DL: Awesome. Let’s see. [to GH] Um, do you think that's good?

GH: Hmm? Um, let's ask a couple more questions.

DL: Sure.

GH: Um, [quietly] I like this question. Do you have any, um, hobbies? [All laugh]

DL: [overlapping] Uh, let me see.

GH: Not work related.

SC: Not work related

DL: [overlapping] Yeah.

SC: So I still play the cello. Um, somebody at church asked me a couple weeks ago, “Oh so did you start playing cello ‘cause you really admire Yo Yo Ma?” And I was like, "No, I had no idea [all laugh] who he was when I started!” Um, and I told her , “You know, only reason I chose cello was because, um, uh, we went to this instrument fair in the beginning of sixth grade, and there was a bunch of [quietly] other Asian families there of course, and somebody told me, ‘Oh, don't play the violin ‘cause it will make your fingers all scrunch up.’ [GH laughs] I was like, ‘I don't want my fingers all scrunchy. I'm gonna—I'm gonna play something where your fingers can be spaced out.’” And so [laughing] that's why I chose the cello, kind of a stupid reason. [GH laughs] Um, um … I really want to get back into rowing. I was on the—I was in crew here. I loved crew.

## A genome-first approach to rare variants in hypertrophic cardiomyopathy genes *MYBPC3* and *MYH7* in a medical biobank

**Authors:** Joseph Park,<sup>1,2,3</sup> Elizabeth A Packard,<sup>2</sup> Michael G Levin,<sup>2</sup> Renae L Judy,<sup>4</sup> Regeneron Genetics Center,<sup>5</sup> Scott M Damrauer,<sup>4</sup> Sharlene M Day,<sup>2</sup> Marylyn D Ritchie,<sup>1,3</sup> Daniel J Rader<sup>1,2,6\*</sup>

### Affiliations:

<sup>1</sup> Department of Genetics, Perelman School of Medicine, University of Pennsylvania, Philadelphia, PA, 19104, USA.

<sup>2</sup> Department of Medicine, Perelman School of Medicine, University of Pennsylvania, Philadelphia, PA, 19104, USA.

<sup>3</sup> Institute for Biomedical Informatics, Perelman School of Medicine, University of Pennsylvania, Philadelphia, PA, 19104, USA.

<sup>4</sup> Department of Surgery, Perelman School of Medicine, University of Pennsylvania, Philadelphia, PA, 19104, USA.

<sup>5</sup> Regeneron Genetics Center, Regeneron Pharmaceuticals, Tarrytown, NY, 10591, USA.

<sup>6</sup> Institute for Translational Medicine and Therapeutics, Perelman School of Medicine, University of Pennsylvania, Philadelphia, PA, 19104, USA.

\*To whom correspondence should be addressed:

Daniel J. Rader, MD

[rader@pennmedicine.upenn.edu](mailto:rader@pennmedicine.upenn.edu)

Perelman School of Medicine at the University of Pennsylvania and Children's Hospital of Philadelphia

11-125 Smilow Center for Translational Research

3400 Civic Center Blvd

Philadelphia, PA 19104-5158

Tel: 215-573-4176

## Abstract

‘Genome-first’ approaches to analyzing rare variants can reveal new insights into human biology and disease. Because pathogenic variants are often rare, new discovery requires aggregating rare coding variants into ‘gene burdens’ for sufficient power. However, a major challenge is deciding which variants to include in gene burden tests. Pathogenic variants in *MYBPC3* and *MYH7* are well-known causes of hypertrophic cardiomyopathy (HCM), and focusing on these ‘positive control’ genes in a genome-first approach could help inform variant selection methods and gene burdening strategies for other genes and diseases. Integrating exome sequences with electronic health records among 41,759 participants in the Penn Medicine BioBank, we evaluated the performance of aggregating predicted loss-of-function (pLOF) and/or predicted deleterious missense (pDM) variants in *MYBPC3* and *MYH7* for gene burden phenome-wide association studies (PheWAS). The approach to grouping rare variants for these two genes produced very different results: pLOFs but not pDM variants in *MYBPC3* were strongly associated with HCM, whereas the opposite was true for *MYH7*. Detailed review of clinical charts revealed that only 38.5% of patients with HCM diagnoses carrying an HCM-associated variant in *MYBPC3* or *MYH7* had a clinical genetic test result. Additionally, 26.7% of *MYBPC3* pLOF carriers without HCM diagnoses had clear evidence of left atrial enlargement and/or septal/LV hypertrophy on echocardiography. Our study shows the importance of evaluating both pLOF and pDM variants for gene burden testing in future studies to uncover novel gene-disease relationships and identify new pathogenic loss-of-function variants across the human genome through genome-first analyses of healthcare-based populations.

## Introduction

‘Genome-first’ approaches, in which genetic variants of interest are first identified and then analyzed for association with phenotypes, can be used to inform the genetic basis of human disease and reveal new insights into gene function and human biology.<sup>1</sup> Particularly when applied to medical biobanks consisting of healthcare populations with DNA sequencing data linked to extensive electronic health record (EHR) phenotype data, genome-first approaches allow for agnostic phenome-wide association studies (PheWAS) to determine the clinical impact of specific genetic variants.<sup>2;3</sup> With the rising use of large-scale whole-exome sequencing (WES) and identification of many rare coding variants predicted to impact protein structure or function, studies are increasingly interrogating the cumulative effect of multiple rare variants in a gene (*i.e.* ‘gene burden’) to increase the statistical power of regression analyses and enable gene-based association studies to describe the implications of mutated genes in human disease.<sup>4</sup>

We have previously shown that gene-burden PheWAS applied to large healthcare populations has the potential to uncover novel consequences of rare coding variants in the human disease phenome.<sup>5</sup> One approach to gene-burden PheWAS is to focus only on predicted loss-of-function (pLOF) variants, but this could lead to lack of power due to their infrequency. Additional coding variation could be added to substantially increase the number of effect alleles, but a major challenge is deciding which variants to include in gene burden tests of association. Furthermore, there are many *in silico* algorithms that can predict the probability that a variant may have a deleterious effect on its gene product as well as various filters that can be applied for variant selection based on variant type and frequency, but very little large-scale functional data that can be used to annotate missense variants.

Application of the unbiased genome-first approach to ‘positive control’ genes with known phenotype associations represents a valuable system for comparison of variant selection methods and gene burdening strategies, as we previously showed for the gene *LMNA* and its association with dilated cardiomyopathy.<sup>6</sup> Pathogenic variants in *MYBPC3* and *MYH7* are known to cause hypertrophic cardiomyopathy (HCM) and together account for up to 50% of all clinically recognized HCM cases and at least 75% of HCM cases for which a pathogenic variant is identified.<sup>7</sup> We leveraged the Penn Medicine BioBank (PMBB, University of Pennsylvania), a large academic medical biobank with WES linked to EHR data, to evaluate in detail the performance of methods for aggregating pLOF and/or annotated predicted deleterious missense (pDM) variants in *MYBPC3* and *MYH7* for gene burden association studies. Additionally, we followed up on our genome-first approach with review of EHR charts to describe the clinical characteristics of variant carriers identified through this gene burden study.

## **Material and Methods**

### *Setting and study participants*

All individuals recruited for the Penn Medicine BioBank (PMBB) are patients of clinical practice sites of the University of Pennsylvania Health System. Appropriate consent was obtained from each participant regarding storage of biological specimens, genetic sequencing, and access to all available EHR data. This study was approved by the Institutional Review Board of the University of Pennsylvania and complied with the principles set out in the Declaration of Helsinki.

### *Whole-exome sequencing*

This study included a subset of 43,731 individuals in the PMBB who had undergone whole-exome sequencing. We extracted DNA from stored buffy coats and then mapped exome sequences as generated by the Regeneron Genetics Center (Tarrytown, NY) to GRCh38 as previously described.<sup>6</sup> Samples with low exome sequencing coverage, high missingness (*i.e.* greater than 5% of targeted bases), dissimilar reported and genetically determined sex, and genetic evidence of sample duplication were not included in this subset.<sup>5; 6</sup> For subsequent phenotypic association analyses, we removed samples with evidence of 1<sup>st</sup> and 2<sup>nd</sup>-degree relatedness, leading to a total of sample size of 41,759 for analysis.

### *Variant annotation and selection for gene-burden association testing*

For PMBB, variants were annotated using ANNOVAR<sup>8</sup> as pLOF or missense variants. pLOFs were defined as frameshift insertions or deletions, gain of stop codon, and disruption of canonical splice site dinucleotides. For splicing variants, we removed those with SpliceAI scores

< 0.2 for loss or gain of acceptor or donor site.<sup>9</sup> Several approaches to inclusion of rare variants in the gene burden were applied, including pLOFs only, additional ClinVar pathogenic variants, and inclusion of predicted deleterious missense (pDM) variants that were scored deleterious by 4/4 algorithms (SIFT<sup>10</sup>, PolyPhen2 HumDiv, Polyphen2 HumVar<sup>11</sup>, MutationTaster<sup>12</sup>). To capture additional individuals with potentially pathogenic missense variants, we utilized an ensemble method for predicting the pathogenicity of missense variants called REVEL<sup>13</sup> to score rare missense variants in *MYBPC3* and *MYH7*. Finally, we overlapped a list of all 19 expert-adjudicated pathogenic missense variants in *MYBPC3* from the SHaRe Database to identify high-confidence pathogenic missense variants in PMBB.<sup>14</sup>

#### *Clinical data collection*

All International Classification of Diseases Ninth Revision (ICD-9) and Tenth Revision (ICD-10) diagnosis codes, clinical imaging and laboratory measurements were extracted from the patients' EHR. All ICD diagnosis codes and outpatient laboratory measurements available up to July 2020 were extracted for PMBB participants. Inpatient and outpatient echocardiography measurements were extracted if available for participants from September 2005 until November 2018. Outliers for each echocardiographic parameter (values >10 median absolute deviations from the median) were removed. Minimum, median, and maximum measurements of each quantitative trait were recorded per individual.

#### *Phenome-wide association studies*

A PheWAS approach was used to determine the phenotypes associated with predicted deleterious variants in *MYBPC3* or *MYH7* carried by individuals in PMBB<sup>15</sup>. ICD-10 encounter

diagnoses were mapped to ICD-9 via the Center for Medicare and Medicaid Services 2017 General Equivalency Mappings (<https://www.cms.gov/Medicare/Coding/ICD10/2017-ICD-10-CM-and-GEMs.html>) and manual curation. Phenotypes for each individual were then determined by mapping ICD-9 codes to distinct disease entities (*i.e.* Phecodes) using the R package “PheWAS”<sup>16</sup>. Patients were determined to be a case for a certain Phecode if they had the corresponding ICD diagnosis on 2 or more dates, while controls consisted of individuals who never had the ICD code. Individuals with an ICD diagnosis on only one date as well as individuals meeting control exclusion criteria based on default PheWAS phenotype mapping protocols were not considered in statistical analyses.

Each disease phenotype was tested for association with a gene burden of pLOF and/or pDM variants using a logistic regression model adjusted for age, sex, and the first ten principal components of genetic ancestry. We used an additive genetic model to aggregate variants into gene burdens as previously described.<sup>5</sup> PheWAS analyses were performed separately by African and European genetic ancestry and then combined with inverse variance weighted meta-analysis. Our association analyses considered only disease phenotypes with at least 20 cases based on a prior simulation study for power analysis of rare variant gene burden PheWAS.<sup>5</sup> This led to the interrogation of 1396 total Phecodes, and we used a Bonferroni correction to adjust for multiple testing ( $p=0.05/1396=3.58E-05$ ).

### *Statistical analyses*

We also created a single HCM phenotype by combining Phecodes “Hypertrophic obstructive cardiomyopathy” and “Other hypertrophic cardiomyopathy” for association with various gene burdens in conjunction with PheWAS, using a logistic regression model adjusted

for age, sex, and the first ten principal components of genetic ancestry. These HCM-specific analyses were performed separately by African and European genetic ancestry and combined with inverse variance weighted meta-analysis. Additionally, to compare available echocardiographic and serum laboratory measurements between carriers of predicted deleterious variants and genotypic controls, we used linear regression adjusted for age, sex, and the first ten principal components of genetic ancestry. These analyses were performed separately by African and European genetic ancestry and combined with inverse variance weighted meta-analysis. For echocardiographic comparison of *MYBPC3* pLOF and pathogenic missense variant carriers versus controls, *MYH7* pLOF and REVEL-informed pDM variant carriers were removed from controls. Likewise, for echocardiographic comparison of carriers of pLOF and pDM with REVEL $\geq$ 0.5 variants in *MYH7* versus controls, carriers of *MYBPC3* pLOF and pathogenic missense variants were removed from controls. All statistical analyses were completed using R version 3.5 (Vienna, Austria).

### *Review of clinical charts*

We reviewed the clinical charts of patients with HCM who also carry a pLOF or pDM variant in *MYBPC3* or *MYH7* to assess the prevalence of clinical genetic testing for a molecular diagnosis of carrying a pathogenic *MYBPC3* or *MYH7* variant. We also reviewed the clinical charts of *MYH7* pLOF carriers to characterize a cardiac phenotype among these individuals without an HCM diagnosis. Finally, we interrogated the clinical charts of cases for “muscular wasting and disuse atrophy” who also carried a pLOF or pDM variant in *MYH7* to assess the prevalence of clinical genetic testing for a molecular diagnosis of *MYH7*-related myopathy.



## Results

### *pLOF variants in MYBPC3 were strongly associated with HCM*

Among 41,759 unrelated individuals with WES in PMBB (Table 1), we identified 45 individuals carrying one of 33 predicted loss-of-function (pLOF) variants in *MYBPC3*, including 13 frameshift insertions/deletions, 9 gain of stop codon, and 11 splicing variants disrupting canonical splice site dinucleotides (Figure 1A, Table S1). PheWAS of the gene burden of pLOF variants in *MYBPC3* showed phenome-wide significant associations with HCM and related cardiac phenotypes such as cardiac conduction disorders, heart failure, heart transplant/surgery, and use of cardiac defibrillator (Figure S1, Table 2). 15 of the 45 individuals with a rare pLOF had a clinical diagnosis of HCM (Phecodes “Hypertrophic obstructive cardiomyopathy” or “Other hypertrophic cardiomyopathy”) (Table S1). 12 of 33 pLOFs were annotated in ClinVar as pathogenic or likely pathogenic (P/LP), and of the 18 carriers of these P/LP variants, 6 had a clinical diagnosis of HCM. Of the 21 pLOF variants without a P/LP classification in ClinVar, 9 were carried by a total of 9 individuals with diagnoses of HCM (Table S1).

GH: Really?

SC: I loved it. Um, I was probably the—the shortest, skinniest person on the team. [All laugh] Um, but I loved it. The whole idea of being in a team, all on a boat, all, you know, working to a common goal, rowing the same direction, I mean, uh, uh, I loved it. Um, now the—the 5 AM workouts and the running and all that stuff hmm. And—and it's ironic also ‘cause I can't swim. [All laugh] So—so—

GH: That's a bit nerve racking.